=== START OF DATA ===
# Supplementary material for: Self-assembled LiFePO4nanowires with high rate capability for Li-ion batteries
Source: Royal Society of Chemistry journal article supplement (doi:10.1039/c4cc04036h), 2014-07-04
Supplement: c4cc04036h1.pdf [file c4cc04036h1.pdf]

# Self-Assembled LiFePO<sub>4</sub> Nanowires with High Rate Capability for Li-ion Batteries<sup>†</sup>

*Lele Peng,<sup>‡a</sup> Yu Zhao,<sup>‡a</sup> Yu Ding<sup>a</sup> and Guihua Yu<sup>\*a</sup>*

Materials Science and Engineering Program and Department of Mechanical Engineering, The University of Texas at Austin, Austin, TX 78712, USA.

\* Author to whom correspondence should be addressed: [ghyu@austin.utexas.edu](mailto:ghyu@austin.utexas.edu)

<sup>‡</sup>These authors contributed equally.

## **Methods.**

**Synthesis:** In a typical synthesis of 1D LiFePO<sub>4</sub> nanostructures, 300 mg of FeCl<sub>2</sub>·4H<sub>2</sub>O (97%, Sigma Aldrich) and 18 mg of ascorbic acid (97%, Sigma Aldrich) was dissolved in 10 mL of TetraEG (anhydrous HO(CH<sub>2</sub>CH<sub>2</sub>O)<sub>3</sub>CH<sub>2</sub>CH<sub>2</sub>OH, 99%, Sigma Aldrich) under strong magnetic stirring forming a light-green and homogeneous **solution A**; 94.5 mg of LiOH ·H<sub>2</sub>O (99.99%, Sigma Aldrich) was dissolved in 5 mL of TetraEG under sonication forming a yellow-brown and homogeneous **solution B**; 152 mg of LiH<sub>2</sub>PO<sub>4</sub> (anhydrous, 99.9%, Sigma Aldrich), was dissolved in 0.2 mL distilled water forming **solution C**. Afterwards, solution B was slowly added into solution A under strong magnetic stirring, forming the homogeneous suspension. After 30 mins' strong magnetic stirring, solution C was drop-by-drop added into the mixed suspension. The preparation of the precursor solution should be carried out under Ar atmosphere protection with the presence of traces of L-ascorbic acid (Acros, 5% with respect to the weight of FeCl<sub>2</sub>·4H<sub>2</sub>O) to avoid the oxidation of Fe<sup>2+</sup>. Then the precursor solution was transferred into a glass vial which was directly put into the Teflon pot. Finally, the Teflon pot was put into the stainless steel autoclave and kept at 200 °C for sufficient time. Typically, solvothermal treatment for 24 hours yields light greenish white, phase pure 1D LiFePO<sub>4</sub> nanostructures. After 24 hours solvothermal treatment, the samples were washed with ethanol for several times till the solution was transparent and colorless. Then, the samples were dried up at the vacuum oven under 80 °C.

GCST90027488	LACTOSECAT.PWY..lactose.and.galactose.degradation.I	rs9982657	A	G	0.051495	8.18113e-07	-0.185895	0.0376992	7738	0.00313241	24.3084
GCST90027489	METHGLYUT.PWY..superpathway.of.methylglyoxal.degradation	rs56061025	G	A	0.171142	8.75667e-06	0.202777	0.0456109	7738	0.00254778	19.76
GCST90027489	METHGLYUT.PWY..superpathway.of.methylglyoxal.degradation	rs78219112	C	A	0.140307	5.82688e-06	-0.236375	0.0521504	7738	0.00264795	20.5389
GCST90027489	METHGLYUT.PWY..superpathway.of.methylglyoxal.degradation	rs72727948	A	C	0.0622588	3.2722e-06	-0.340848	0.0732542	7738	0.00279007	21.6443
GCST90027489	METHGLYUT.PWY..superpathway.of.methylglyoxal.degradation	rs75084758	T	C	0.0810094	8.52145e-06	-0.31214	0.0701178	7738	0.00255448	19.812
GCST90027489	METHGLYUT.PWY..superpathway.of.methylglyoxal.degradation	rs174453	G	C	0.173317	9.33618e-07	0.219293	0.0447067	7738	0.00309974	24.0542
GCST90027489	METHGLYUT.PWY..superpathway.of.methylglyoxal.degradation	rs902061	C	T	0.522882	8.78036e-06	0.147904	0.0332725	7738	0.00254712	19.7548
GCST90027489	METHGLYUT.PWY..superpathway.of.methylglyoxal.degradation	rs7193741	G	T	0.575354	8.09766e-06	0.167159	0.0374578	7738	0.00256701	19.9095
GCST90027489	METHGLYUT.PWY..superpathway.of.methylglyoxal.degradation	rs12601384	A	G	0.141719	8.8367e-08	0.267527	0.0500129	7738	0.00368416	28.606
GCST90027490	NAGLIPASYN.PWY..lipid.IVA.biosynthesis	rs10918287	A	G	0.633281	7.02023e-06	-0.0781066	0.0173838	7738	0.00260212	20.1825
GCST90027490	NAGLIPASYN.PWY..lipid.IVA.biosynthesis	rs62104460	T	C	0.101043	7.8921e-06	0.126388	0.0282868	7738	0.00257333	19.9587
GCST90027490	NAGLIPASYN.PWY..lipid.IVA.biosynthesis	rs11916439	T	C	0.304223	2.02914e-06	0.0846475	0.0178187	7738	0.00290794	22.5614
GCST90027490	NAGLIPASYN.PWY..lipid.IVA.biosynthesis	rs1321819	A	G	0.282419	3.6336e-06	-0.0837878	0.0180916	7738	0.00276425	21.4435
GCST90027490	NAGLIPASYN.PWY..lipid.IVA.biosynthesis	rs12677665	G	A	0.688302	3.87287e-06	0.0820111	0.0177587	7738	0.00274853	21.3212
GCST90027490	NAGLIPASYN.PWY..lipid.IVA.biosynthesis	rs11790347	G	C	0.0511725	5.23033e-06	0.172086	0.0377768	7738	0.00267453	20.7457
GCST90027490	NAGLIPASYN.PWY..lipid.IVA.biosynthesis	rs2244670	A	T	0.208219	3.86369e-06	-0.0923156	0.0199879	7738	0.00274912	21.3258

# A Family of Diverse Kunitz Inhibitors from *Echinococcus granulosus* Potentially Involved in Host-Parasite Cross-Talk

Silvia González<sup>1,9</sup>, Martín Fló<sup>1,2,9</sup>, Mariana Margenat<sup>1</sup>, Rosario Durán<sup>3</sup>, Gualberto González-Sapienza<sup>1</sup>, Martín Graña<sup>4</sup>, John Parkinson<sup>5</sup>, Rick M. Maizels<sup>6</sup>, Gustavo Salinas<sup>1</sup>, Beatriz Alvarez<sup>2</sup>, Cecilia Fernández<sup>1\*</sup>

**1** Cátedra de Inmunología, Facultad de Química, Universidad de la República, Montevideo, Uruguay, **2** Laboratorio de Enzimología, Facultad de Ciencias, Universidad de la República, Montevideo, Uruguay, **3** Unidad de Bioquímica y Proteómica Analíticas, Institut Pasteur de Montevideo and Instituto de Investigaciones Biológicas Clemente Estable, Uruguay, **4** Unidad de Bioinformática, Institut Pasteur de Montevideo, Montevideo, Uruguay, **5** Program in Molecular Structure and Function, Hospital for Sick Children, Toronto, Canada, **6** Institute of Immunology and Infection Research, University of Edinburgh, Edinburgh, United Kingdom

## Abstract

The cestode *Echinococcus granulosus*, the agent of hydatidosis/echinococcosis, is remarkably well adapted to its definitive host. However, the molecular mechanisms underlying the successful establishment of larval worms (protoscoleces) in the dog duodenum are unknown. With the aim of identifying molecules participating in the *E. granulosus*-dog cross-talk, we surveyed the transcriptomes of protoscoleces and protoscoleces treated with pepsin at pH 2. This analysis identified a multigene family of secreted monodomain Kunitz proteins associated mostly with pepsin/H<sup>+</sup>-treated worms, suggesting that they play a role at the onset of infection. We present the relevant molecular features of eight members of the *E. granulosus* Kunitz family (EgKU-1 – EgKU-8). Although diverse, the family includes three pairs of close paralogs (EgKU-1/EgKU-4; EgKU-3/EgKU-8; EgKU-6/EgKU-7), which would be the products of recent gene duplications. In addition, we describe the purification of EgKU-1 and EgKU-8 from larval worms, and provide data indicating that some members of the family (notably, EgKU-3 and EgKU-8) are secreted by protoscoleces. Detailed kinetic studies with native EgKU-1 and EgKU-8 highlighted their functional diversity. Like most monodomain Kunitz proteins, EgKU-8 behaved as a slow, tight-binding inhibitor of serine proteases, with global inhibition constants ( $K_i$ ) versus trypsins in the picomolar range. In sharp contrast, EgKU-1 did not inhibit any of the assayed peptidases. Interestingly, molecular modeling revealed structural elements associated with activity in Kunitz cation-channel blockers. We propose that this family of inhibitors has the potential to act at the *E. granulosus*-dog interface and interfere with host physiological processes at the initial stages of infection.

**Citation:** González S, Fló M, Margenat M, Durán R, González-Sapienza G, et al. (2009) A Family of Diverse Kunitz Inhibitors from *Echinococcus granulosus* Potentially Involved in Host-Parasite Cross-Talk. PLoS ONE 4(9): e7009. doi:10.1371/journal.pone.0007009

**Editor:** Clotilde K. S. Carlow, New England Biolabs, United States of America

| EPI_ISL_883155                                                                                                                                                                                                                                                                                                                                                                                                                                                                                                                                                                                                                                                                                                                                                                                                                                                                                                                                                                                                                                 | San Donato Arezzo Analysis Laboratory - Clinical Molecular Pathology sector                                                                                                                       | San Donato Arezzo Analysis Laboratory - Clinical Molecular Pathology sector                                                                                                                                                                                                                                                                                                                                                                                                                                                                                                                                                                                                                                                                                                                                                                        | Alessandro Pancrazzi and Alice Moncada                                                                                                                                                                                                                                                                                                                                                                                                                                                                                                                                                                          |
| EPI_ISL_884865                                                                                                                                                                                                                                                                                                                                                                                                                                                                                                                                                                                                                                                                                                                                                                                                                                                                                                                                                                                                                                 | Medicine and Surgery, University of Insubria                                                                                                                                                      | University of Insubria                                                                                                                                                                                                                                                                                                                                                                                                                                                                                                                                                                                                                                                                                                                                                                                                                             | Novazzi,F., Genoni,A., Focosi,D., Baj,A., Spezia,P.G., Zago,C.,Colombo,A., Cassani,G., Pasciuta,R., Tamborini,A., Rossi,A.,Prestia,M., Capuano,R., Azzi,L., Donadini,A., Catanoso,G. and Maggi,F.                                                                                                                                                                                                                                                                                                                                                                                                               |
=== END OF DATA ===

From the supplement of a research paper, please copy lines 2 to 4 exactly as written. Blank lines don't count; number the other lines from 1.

Source: Royal Society of Chemistry journal article supplement (doi:10.1039/c4cc04036h), 2014-07-04
Supplement: c4cc04036h1.pdf [file c4cc04036h1.pdf]

# Self-Assembled LiFePO<sub>4</sub> Nanowires with High Rate Capability for Li-ion Batteries<sup>†</sup>